After the death of Stalin and in the chaos of his funeral procession, Evtushenko feels both moved by the craving to write poetry about this horror and unworthy of contributing to the narrative. But, as he reflected, he explained: “the great Russian poets came to my help, their example making me believe that civic poetry can be more intimately lyrical than any other if it is written with single-minded generosity.” And so he wrote. As the truth about Stalin’s reign was exposed and prisoners of the various camps returned home, Evtushenko felt confronted with the ugliness of the lie. Although he had been a noteworthy writer prior to witnessing this event, this inspired him to become an active writer during “The Thaw.” Paying homage to the massacre of the Jews in Kiev with his poem “Babiyy Yar” and calling out the government, begging them to disavow the legacy of Stalin in Nasledniki Stalina (The Heirs of Stalin), Evtushenko took delicate topics and made them bold and unforgettably haunting.

In a New York Times article written about his death, the journalist describes Evtushenko: “He was the best known of a small group of rebel poets and writers who brought hope to a young generation with poetry that took on totalitarian leaders, ideological zealots and timid bureaucrats.”  But Evtushenko played an interesting role in his method of rebellion. Unlike other writers who were exiled due to their poetry, Evtushenko managed to appeal to both the citizens of repression and the state itself. Because of this, “he enjoyed a measure of official approval that more daring dissidents came to resent.” (source.) But let this not unmove you from the contributions he gave to the cause. Evtushenko wrote about topics that most people shied away from. The uncertainty of the Soviet Union after Stalin’s death? Evtushenko wrote about it in his narrative poem titled “Zima Junction.” He boldly went where others feared and did so in a way which ensured his safety without failing to drive home the point of his prose.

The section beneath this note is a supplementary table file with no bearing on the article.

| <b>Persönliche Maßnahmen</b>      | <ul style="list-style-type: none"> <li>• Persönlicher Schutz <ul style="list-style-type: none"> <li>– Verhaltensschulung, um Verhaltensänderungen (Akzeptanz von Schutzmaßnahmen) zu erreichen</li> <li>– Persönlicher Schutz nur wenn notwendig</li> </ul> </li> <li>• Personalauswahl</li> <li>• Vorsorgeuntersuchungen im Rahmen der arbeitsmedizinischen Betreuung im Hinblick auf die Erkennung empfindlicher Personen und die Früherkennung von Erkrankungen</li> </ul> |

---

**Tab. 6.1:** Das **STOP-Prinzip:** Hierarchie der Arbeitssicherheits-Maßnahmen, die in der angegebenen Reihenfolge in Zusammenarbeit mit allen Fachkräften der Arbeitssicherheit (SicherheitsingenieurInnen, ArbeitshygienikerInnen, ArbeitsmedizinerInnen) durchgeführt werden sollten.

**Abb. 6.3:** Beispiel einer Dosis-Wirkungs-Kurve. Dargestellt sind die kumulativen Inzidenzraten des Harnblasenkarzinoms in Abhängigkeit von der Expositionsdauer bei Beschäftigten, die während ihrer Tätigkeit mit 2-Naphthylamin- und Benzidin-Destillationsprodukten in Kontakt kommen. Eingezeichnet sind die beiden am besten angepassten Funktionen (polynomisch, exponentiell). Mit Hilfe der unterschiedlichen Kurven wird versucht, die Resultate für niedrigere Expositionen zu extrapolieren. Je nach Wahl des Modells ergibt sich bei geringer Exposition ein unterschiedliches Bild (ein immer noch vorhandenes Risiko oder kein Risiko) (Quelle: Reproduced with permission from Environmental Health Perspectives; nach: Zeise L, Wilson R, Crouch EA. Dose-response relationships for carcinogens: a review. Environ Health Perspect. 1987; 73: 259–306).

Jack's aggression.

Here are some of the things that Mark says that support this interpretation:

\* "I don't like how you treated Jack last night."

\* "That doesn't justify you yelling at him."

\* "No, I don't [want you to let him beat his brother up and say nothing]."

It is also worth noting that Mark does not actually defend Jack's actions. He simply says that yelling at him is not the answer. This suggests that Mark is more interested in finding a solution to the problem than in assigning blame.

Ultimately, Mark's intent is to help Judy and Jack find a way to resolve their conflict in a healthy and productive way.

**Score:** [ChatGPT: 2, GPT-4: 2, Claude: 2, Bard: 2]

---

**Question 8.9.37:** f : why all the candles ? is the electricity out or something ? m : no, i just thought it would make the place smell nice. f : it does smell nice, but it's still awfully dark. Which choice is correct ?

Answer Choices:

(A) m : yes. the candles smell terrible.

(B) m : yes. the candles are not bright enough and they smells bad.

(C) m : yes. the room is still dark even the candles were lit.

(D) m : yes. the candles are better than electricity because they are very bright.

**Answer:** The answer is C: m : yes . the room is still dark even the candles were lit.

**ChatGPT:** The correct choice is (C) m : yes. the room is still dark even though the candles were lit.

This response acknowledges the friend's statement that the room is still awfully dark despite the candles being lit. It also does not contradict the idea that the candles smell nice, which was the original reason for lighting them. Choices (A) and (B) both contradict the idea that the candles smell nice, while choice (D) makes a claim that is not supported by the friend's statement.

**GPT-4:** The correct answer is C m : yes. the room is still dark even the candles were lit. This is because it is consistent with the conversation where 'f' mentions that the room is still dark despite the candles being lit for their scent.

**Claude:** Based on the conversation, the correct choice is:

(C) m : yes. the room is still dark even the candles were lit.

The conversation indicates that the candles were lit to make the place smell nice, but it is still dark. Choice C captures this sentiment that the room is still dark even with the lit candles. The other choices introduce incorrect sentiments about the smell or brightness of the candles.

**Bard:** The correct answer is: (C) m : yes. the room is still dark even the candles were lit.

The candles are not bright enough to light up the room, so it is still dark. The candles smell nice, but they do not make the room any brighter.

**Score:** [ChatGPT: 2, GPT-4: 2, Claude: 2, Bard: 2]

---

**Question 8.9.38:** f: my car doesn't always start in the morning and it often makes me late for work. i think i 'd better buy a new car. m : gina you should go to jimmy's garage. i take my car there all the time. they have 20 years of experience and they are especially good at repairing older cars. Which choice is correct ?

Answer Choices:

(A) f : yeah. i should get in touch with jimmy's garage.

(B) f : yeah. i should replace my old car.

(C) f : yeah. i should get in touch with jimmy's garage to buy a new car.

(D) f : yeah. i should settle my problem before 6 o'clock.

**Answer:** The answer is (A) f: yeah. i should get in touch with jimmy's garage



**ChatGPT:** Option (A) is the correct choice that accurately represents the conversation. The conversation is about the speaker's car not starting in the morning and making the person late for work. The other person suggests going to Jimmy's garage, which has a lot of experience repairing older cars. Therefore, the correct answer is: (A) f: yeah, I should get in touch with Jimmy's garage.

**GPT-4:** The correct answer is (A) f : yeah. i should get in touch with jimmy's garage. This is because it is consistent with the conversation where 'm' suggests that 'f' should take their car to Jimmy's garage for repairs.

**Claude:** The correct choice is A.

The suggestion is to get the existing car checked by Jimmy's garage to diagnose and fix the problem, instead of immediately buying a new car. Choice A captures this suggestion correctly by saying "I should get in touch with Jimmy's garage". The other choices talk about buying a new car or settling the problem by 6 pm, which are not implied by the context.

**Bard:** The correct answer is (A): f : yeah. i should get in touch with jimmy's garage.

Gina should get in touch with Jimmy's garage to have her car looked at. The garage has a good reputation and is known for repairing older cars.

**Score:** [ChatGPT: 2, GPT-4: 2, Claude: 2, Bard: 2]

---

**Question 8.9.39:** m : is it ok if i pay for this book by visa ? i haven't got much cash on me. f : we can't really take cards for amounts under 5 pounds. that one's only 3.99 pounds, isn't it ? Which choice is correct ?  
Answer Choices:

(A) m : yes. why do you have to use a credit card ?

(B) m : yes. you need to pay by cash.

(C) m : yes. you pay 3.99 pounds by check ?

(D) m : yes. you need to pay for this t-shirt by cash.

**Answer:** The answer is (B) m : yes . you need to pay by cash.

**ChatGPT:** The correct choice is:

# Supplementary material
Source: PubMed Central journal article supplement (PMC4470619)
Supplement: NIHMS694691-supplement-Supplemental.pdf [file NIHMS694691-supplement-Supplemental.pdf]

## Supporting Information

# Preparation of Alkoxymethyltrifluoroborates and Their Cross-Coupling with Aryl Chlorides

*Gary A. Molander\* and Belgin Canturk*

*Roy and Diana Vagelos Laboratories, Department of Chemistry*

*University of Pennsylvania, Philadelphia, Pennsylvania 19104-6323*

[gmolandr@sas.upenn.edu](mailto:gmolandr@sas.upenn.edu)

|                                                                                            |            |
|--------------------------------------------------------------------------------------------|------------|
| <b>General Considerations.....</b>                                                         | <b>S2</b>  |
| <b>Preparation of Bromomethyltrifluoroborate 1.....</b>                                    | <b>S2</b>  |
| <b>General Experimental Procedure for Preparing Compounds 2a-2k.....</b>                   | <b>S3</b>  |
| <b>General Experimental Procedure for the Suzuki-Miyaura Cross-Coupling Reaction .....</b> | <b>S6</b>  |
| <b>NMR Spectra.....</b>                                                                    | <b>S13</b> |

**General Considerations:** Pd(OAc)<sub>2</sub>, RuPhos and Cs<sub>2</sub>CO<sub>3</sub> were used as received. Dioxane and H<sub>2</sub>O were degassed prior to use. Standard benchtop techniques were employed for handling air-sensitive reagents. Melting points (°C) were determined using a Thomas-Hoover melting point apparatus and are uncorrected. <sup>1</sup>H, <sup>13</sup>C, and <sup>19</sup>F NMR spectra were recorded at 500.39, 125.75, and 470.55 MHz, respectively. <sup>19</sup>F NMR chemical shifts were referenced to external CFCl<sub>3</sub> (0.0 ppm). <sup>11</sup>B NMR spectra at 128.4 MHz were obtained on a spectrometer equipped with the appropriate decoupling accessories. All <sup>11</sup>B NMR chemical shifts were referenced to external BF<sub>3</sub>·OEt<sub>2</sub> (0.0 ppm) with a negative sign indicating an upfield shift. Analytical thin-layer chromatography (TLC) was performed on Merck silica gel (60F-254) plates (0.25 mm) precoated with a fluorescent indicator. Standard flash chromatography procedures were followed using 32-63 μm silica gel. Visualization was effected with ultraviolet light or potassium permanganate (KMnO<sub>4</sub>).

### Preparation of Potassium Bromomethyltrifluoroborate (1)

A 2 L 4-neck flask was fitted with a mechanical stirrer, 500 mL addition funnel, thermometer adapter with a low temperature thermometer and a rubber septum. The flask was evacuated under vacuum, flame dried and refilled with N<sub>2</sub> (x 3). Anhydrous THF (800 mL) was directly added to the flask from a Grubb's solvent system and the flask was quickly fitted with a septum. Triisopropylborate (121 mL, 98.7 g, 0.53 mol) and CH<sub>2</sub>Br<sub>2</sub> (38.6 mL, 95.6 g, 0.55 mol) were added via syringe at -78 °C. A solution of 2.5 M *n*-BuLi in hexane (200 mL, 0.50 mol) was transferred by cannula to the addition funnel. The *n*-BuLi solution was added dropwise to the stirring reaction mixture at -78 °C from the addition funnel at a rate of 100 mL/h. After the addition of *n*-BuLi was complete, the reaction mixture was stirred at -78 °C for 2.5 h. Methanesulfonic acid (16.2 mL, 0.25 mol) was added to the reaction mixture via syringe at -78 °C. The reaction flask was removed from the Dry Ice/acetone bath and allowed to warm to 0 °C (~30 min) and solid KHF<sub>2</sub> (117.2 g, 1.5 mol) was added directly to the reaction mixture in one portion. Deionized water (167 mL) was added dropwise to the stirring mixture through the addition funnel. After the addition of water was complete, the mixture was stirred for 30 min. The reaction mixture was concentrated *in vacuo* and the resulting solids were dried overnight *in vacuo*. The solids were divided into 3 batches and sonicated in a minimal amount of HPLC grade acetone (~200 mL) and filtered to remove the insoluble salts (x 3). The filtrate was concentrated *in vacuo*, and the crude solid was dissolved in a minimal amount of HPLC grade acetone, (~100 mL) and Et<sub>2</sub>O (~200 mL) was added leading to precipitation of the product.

He led a career marked by controversy on both sides but the influence of his words cannot be discounted. Evtushenko played a careful role in the gray area between appeasing the political powers that may be and calling out the horrors and toxic potential of Soviet development. For this, he must be thanked. He bridged the gap between the truth and the deception and because of this, he must always be remembered.

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Evgenii Evtushenko

 

The Heroic Myth of Pavlik Morozov

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Imagine you were born in an era where loyalty to the state was more important than one’s loyalty to their family. Imagine if any word you spoke carried with it the burden of danger, potential incrimination. This is the era from which the young Soviet martyr’s story emerged. Pavliv Morozov was a thirteen-year-old boy who had heard of his kulak father’s withholding of grain and, knowing this action was against the state, reported his father to authorities. After his father’s arrest, the boy was murdered by his own family members for his denouncement. With his supposed murder came his fame. Soviet press capitalized on this story, spun by local authorities, to create a martyr for the mindset of the state over family. In the 30’s, it is said that, among the youth, “he did inspire awe as a manifestation of supreme commitment to the general good” (source.)

There remains a good deal of speculation regarding the truth of this story. Most of it can be called propaganda; a tragic story of a murder with unknown circumstance or perpetrators twisted to fit the narrative of a state vying for complete control. But the question I have for young Pavlik is not how accurate his story is. Rather, I wish to know how this tale shaped the society it is made for: how did the story of Pavlik alter family relationships and how did the popularity of this tale reflect the culture which both celebrated and feared it?